Ringing Bell

Ringing Bell

by Derek Webb
     
 

Derek Webb, former lead vocalist of Caedmon's Call, has been on his own since 2003. He's issued three solo studio albums before this one, a live record, and a solo acoustic offering. The Ringing Bell, produced by Webb and Cason Cooley, goes further -- much further -- than any of his previous releasesSee more details below

Overview

Derek Webb, former lead vocalist of Caedmon's Call, has been on his own since 2003. He's issued three solo studio albums before this one, a live record, and a solo acoustic offering. The Ringing Bell, produced by Webb and Cason Cooley, goes further -- much further -- than any of his previous releases. While his debut, She Must and Shall Go Free, was edgy for the Christian market (as it examined everything from sexuality to living the Christian life the hard way -- by being fully human), his subsequent records have taken on everything from social justice to examining life in the current church. Recorded in Nash Vegas, it's the world that's on Webb's mind this time out. He's talking about the kingdom that has come, yet that has not yet come. The world may be a treacherous place, but it is not a place without love. The rocker "A Love That's Stronger Than Fear" offers no easy answers to the question, but it does proclaim that the dirty, nasty, get-in-the-mud tough love of others in full recognition of their differences -- not something represented very well in the church, in world politics, or in everyday relationships -- is ultimately stronger than fear. This is an easy proclamation for most Christian artists, but Webb digs in with his poetry and example of life on its own terms. He does have a beautiful sense of humor when it comes to love as well. The very next cut, "I Wanna Marry You All Over Again," offers many examples of how the protagonist wishes to begin again, make all the same mistakes, find all the same embarrassments, and run the same schemes in order to encounter his beloved once more. Obvious? Maybe, but charming. Webb's songs are not complicated constructs, and his production -- with its reliance on warm tones and rounded edges -- fits the Christian market well, although one does get the impression he'd like to break out of it in a big way but is unwilling to compromise his rather unique take on the gospel. One has to wonder if the CCM biz world -- more constricting than the secular music dog-and-pony show industry by a mile -- merely tolerates him because he sells records. His willingness to reach over the divide ("I don't want to fight/Brother, it all comes down to you and me....") is in virtually every track here. The Beatles (via Revolver) are referenced big time in "Name," with its ringing Rickenbacker guitars and twin-track harmony vocals. The faux Eastern melody that weaves its way into a ringing Merseybeat line and chorus is rather cloying, but it's a solid pop tune. "I for an I" is telltale: "An I for an I is never satisfied until there is nothing left to see/I was born to go to war/It comes so natural to me/Sure as a hammer finds a nail/Death is the only way to peace...." Strings weave themselves around acoustic guitars and a dual lead line to a crescendo that leaves a kind of silence that catches the breath: "I've got a killer instinct banging out over my vest/I've got a poison conscience telling me to go with that/And this may not work/And I don't guarantee that it will/But I've got no choice unless you tell me who Jesus would kill...." The brief "A Savior on Capitol Hill" is another Beatles '65- era rocker that's a jeremiad against all politicians: "Come to D.C. if it be thy will/'Cause we've never had a savior on Capitol Hill...." (Or in the White House, either.) There are some interesting sonic washes in the middle, but the tune is so obvious you get it by the title, and the hook wears thin after a bit. The set closes with a solo acoustic number called "This Too Shall Be Made Right," which has a compelling opening couplet: "People love you most for the things/And hate you for loving the things you can't keep straight...." He indicts himself completely; he's looking at his own life when he says he does not know the suffering of those outside his front door and that he joins the oppressors of those he chooses not to acknowledge, and when he trades in comfort for human life it's suicide. And these are not lyrics taken out of context; earlier in the tune he references the Solomonic song and takes it to the extreme in such a chilling way that it's best heard rather than quoted. But the faith inherent in "this too shall be made right" is not pie in the sky. It's here and it's now and it's bloody and gory and filled with hurt as well as love and the desire to make all things equal and redeem them. This tune takes the gospel to its radical edge. It makes the listener take notice, especially when he lays out the promise of Christ's kingdom -- that has come and has not yet come -- when he makes his claim in the refrain gently but with conviction: and this too shall be made right. This is the most poetic cut on the set, albeit instrumentally the simplest. That's not to say that Webb should only perform this way, but his most successful work has been when he didn't emulate some band or producer he's always loved. His first album was poetically, lyrically, his most sophisticated and radical. He's tried to extend the reach of the message with each one, and go further afield, but his language, his beautiful metaphors and alliterations, have been cut back, too. Perhaps that's on purpose. If so, good luck to him. But The Ringing Bell, while compelling in places (and amazingly short at only 30 minutes), would have fared a bit better with more attention to language and less to production, simply because all that stuff has been done, but not all he's said in his songs has been. There's a beautiful reach to the gospel here, one that enters the world in all its tawdry chaos and wreckage, but it's still singing to the church members and trying to straighten them out, it seems. For the rest of us, on this side of that divide, this message can be alien at times, one that cannot be understood out of its human context because if one is talking to a group of people who feel themselves favored by God, how are the rest of us supposed to hear what's being said? As a CCM recording, this is a good one. One can only hope that the reach of the gospel addressed by Webb on his debut, the one that reaches to the broken humanity of those outside the church doors, will someday make it back inside his music.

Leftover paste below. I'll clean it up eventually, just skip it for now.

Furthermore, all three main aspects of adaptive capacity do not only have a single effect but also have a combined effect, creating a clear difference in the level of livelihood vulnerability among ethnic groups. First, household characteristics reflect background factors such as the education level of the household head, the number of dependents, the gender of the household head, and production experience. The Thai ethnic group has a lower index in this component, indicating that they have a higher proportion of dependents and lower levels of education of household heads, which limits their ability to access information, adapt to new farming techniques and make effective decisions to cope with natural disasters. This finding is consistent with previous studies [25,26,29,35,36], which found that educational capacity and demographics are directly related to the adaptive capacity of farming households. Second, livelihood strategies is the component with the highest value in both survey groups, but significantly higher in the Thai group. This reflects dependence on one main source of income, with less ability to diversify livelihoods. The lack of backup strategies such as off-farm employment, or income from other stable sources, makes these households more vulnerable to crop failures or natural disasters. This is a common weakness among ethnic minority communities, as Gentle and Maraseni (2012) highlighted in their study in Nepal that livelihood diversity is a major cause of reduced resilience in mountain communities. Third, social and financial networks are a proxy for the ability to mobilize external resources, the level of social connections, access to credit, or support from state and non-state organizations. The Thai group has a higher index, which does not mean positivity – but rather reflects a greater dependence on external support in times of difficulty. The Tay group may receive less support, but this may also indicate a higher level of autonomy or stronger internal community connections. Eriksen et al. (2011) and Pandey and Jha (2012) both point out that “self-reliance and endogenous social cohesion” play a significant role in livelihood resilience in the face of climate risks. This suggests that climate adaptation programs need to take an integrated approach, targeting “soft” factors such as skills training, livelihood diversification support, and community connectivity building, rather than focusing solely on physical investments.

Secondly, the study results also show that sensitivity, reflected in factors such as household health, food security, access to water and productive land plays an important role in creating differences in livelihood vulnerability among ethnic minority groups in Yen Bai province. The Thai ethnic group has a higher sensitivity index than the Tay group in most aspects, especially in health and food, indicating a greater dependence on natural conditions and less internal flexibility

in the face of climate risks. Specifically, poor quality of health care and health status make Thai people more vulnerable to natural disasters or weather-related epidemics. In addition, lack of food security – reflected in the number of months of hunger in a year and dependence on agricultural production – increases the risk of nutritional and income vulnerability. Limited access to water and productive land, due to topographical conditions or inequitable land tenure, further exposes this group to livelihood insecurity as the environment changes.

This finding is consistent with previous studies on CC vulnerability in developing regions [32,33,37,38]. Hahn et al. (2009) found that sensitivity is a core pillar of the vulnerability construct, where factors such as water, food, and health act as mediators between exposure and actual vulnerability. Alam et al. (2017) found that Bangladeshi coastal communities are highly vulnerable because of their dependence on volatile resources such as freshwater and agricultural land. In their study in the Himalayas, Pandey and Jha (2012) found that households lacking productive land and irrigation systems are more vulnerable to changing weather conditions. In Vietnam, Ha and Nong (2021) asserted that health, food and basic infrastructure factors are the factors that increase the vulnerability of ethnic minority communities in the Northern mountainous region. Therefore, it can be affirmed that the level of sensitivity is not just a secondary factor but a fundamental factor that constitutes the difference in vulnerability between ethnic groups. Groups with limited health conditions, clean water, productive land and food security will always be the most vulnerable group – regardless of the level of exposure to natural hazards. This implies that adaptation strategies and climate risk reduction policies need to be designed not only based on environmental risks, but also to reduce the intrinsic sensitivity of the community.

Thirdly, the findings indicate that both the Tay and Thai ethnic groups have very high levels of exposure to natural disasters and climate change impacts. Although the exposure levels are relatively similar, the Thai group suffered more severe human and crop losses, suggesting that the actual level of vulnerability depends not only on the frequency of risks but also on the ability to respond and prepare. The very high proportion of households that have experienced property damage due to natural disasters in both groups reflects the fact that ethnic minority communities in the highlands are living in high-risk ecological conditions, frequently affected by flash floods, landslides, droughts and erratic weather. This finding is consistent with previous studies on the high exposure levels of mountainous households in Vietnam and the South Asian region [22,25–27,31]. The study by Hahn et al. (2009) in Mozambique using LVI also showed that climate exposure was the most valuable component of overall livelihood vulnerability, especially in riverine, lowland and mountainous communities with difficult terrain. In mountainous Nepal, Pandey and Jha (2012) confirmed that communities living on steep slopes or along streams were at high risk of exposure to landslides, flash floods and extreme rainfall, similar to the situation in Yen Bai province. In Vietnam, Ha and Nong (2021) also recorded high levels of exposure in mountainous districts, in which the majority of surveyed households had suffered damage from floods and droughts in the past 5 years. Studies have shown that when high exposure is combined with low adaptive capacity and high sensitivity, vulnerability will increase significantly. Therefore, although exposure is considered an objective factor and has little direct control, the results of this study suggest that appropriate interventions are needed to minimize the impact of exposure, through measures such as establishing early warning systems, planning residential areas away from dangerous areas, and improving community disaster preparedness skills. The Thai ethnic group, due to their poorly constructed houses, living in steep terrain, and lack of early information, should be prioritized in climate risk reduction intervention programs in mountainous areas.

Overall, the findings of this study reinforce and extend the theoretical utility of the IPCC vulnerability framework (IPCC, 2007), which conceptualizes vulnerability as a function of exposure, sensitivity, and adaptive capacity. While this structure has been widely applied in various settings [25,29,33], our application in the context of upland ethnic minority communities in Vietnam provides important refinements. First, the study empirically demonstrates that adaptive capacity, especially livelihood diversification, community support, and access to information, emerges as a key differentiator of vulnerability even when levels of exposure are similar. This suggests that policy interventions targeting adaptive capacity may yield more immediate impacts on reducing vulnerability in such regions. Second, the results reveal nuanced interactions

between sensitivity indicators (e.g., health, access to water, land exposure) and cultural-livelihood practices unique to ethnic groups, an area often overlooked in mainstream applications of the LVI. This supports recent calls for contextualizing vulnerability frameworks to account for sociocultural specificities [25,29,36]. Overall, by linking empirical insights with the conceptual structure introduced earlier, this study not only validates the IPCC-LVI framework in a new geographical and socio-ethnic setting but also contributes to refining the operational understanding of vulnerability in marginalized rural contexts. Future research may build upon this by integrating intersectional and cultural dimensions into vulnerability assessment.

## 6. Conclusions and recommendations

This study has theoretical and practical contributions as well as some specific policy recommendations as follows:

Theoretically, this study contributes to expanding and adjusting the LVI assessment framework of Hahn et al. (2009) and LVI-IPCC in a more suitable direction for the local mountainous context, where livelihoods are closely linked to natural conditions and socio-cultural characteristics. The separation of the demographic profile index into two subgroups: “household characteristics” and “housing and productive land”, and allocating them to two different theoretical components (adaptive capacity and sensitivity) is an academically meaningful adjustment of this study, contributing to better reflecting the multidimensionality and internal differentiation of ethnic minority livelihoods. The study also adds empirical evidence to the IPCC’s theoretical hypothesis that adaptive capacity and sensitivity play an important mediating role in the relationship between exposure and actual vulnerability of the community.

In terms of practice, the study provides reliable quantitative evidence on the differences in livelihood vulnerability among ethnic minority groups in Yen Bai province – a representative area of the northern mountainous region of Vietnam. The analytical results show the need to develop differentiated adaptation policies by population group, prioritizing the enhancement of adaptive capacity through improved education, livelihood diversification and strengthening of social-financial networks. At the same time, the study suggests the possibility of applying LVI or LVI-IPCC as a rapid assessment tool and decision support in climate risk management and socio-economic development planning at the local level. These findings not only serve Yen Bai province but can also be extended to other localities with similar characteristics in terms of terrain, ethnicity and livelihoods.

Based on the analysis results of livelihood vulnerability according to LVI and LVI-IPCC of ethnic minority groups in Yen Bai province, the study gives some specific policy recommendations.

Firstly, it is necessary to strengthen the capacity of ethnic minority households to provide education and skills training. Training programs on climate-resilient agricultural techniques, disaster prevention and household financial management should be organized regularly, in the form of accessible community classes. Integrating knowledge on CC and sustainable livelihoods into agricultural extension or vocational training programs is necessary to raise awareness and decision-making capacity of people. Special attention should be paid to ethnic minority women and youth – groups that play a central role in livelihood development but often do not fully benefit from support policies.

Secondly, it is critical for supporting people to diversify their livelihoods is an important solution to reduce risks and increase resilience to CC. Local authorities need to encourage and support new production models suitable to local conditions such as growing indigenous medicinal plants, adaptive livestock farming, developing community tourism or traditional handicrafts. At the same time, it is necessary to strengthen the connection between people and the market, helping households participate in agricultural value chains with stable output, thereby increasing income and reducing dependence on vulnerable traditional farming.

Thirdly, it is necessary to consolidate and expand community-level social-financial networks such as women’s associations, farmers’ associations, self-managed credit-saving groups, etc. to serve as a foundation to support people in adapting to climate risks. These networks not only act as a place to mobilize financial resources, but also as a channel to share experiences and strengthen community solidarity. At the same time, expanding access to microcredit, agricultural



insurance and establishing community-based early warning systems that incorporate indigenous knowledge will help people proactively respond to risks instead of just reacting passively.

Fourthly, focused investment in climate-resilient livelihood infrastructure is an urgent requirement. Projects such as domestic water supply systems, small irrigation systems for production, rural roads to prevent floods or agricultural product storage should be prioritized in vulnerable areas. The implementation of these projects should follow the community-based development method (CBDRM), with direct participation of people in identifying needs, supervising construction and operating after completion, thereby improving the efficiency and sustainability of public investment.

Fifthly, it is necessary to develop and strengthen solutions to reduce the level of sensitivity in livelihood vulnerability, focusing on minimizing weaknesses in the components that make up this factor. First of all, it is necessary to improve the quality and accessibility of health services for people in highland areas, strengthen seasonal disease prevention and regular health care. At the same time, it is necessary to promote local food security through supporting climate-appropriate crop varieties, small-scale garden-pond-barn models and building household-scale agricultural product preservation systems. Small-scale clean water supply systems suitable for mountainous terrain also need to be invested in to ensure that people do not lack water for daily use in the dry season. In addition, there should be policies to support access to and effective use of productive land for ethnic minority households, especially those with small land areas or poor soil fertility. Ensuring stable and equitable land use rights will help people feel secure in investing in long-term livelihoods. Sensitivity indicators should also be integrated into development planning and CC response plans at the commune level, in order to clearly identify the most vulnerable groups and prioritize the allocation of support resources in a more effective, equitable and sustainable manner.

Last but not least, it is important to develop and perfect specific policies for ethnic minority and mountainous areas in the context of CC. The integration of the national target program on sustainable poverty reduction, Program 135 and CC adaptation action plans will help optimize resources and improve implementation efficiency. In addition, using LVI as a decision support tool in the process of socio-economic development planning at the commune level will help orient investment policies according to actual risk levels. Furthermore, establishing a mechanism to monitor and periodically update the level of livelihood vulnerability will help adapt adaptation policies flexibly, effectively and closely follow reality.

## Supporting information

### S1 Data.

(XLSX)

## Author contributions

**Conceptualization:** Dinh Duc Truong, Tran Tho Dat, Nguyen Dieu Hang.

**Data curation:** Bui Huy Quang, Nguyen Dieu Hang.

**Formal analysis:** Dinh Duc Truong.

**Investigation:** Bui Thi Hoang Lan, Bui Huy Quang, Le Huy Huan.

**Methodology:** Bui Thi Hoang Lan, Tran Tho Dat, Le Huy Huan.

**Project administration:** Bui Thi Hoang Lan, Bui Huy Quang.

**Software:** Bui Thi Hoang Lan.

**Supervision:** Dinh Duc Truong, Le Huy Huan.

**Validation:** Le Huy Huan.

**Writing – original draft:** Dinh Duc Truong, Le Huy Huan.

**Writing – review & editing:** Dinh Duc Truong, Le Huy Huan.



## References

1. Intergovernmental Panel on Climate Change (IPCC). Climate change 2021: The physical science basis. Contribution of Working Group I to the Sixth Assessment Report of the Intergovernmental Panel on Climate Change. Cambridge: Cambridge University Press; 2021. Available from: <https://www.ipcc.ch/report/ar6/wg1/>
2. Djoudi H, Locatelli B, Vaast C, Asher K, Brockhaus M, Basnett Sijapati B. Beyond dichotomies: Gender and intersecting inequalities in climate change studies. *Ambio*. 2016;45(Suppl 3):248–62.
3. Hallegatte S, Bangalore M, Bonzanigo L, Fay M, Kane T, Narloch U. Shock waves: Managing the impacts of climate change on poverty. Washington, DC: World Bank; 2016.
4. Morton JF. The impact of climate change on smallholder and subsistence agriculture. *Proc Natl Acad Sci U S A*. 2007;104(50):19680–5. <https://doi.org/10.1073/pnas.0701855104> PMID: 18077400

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Product Details

Release Date:
05/01/2007
Label:
Sony
UPC:
0886970741521
catalogNumber:
707415

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Tracks

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Album Credits

Performance Credits

Derek Webb   Primary Artist,Acoustic Guitar,Electric Guitar,Vocals,Hand Clapping,Noise,fender rhodes,Tack Piano,Piano (Upright)
Steve Mason   Electric Guitar,Slide Guitar,Lap Steel Guitar,Guitar (Leslie)
Gary Burnette   Electric Guitar
Cason Cooley   Organ,Guitar,Percussion,Piano,Hand Clapping,Soloist,Tack Piano,Piano (Upright)
Will Sayles   Percussion,Drums
Ben Shive   Mellotron
Court Clement   Electric Guitar
Jason Fitz   Violin
Matt Pierson   Bass

Technical Credits

Jim DeMain   Mastering
Derek Webb   Composer,Producer,Engineer,Art Direction,Vocal Engineer
Cason Cooley   Producer,Engineer
David McCollum   Management
Ben Shive   String Arrangements
Andy Hunt   Engineer
Christopher Koelle   Illustrations
Brannon McAllister   Art Direction